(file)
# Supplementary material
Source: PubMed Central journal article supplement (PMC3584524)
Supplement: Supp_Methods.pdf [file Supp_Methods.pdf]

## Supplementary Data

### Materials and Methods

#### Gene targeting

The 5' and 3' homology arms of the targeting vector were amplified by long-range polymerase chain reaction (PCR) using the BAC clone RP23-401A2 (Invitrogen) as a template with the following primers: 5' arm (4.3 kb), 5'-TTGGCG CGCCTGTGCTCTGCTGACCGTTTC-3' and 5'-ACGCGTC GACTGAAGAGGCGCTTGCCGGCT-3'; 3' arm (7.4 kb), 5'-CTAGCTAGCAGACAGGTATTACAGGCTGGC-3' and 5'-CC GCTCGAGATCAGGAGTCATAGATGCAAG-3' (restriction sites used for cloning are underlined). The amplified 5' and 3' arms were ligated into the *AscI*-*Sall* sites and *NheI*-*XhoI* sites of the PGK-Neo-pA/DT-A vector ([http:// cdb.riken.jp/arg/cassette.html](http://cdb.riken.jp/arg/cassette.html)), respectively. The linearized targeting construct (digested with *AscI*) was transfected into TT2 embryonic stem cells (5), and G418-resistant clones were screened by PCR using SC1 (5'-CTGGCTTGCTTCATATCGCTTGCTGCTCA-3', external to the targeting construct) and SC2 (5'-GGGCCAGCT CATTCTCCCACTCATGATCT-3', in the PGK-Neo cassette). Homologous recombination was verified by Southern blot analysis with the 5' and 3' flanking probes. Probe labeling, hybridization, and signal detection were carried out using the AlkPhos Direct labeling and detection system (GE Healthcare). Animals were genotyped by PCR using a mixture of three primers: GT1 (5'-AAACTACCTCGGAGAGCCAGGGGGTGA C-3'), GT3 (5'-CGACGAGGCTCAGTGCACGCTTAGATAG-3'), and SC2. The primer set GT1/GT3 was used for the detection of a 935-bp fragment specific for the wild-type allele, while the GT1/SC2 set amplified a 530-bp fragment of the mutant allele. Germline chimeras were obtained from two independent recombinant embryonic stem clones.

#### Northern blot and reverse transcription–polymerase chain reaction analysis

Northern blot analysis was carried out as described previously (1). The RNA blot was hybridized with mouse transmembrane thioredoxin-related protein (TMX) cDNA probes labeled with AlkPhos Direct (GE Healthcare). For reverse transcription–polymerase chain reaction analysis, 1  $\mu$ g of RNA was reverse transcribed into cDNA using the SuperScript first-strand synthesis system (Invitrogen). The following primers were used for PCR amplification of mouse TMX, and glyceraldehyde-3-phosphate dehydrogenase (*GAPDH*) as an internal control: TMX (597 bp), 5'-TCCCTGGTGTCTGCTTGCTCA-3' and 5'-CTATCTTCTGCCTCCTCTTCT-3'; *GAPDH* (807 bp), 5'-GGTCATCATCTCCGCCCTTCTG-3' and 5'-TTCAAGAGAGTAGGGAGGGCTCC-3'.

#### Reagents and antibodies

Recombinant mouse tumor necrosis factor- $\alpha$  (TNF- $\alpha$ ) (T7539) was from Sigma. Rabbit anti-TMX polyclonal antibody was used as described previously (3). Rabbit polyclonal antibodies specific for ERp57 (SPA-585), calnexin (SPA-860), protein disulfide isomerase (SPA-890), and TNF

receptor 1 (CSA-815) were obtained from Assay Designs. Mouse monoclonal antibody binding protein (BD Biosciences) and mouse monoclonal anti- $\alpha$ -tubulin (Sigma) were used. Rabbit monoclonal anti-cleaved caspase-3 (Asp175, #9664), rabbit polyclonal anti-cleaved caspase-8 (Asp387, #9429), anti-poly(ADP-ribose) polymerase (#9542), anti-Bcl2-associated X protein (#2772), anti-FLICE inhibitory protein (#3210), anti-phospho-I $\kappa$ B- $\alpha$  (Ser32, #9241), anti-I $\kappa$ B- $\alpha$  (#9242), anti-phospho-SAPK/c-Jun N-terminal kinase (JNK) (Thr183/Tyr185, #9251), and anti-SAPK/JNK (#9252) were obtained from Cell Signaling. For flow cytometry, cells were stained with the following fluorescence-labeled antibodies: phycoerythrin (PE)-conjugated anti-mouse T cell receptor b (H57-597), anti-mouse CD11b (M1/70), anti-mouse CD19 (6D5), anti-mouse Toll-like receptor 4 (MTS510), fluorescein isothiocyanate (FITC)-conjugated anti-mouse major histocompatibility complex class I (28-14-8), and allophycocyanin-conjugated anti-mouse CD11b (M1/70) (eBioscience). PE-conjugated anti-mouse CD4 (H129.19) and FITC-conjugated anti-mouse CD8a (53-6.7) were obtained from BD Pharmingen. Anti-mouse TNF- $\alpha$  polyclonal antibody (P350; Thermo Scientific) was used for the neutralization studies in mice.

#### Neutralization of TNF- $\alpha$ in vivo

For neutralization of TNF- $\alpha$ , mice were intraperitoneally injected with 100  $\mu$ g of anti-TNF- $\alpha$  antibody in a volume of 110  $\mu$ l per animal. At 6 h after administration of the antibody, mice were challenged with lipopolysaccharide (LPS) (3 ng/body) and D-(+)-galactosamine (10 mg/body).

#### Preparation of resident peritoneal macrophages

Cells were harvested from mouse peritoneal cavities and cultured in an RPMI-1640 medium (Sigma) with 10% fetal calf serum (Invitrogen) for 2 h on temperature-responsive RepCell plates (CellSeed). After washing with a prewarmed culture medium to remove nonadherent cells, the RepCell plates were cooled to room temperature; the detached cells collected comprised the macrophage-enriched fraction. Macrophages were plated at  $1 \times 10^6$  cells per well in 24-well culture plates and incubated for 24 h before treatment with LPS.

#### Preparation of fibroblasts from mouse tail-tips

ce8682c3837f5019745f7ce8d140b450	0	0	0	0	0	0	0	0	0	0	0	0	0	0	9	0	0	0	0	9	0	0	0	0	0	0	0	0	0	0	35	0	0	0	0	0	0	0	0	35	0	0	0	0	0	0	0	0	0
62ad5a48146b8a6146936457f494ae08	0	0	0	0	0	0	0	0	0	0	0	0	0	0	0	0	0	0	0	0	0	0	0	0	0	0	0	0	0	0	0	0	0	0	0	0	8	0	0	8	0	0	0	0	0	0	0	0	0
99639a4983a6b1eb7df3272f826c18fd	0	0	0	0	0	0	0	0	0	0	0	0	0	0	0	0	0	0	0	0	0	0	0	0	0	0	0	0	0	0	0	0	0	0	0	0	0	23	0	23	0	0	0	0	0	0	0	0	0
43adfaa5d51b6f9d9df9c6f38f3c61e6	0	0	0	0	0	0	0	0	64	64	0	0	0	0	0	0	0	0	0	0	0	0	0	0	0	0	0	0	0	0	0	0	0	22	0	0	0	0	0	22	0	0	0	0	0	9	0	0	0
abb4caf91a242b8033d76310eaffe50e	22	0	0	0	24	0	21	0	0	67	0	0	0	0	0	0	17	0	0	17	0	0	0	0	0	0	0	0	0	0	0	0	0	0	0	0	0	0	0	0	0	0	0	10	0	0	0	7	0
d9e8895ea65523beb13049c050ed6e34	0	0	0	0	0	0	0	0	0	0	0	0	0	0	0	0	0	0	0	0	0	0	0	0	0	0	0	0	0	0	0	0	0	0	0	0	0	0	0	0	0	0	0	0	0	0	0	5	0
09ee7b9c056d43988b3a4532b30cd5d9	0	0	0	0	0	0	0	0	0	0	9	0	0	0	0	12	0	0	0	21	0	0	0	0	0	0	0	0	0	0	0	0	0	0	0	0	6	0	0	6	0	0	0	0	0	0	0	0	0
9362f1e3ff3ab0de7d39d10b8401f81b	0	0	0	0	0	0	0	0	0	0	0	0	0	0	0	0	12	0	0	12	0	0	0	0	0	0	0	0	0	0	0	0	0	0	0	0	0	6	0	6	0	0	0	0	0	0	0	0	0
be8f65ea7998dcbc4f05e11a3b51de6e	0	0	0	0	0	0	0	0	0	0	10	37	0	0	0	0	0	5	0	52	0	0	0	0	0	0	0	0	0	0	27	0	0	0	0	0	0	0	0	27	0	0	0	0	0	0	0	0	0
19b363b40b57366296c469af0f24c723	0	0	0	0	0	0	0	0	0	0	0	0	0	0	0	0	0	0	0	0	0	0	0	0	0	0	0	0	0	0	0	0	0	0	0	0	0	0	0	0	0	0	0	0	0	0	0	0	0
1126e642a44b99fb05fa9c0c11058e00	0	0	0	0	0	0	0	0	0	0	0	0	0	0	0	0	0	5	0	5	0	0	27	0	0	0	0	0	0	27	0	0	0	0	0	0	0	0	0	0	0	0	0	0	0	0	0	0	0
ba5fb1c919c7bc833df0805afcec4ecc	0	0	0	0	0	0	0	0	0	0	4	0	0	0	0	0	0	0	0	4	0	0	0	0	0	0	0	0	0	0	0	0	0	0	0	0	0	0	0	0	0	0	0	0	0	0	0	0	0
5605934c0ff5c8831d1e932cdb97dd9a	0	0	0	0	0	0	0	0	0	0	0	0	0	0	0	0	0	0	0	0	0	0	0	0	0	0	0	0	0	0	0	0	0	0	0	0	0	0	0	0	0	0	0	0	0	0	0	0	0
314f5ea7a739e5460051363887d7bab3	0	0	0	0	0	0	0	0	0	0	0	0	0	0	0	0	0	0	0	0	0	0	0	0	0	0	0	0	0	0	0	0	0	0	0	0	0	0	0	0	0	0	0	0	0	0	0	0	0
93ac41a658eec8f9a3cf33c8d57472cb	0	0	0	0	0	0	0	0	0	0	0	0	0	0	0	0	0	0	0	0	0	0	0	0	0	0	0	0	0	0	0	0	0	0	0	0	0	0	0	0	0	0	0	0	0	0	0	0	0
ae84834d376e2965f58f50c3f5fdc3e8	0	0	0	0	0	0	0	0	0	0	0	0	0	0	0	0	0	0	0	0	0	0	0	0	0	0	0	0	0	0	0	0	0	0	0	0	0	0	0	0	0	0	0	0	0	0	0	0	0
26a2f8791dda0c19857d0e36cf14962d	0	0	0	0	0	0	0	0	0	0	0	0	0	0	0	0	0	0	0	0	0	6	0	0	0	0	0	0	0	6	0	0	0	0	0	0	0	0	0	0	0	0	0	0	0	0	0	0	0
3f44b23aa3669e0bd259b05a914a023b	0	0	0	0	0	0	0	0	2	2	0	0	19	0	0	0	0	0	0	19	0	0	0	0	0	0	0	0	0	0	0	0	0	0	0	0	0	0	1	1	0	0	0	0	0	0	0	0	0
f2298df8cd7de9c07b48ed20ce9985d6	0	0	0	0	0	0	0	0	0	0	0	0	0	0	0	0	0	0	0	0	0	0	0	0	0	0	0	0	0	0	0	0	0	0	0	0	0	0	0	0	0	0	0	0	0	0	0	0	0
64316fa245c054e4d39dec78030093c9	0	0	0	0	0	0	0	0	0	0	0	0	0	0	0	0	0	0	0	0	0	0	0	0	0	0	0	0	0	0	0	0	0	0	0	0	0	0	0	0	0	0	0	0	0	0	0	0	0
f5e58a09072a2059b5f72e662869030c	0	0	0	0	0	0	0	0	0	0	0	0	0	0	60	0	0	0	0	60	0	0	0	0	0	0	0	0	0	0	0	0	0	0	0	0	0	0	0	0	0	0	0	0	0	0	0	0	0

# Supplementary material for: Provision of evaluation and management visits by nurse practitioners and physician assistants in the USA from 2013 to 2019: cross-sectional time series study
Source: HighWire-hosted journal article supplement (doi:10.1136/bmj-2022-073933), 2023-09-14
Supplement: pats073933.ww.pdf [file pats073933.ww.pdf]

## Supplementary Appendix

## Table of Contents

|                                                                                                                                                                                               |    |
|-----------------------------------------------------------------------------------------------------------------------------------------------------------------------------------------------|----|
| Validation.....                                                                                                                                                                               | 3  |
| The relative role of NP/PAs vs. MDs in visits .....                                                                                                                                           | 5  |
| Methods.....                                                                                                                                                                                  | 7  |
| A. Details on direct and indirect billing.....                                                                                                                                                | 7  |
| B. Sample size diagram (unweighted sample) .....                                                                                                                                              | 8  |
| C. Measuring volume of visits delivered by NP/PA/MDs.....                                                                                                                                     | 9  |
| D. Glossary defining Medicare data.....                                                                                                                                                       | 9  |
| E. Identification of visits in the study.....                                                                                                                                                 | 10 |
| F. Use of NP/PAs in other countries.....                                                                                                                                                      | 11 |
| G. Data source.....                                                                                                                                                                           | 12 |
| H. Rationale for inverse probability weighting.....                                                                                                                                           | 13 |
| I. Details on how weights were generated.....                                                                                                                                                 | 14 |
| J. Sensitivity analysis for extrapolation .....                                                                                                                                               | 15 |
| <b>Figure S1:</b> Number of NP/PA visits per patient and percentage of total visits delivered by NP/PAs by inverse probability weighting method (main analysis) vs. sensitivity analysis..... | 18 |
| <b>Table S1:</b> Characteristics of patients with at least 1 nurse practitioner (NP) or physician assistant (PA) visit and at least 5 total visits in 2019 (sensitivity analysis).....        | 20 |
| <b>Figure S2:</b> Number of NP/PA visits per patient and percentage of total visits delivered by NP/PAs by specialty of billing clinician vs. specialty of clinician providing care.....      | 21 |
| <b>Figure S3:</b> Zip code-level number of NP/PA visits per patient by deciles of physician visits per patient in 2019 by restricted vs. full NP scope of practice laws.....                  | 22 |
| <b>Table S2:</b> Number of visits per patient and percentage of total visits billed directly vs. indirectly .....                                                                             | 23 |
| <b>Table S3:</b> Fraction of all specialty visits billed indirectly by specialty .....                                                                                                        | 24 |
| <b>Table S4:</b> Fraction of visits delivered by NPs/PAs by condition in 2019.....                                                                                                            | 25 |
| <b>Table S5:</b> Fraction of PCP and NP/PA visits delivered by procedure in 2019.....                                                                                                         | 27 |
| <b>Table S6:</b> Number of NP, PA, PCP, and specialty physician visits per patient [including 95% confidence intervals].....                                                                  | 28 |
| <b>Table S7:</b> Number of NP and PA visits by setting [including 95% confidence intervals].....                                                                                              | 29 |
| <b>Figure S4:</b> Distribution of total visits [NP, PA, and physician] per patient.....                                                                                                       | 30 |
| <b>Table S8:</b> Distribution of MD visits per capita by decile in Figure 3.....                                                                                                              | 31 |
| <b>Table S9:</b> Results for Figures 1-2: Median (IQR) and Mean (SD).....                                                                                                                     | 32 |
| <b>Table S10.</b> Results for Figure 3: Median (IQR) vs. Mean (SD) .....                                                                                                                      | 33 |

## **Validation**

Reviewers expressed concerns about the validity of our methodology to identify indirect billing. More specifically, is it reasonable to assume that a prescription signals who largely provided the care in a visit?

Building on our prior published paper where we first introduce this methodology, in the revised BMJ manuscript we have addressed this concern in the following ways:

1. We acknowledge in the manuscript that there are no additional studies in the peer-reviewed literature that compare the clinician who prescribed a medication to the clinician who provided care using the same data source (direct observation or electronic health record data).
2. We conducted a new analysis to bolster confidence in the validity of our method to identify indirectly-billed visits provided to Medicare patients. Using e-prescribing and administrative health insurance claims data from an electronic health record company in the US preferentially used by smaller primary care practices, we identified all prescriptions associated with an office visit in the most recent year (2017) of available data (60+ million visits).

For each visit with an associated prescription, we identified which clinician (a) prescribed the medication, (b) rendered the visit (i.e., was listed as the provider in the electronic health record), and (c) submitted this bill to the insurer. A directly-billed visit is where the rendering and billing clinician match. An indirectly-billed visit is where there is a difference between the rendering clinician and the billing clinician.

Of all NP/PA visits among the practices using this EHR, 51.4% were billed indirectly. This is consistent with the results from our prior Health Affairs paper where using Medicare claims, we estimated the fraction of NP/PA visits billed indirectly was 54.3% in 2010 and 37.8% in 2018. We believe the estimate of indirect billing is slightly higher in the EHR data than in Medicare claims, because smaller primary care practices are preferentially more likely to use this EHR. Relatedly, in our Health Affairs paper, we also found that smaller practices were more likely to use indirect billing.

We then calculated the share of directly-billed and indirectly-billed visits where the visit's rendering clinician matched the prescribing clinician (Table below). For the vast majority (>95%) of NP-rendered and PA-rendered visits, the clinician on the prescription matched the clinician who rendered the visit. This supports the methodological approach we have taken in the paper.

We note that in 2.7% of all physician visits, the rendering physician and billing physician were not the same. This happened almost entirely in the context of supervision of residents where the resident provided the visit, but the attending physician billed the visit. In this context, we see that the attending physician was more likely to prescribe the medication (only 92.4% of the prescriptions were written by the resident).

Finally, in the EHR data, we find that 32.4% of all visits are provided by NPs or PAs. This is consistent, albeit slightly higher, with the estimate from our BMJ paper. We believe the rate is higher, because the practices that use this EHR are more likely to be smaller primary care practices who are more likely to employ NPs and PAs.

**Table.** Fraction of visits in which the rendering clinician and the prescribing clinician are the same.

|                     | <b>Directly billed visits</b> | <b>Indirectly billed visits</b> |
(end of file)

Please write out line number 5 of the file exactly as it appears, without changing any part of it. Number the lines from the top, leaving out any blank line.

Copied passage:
### Materials and Methods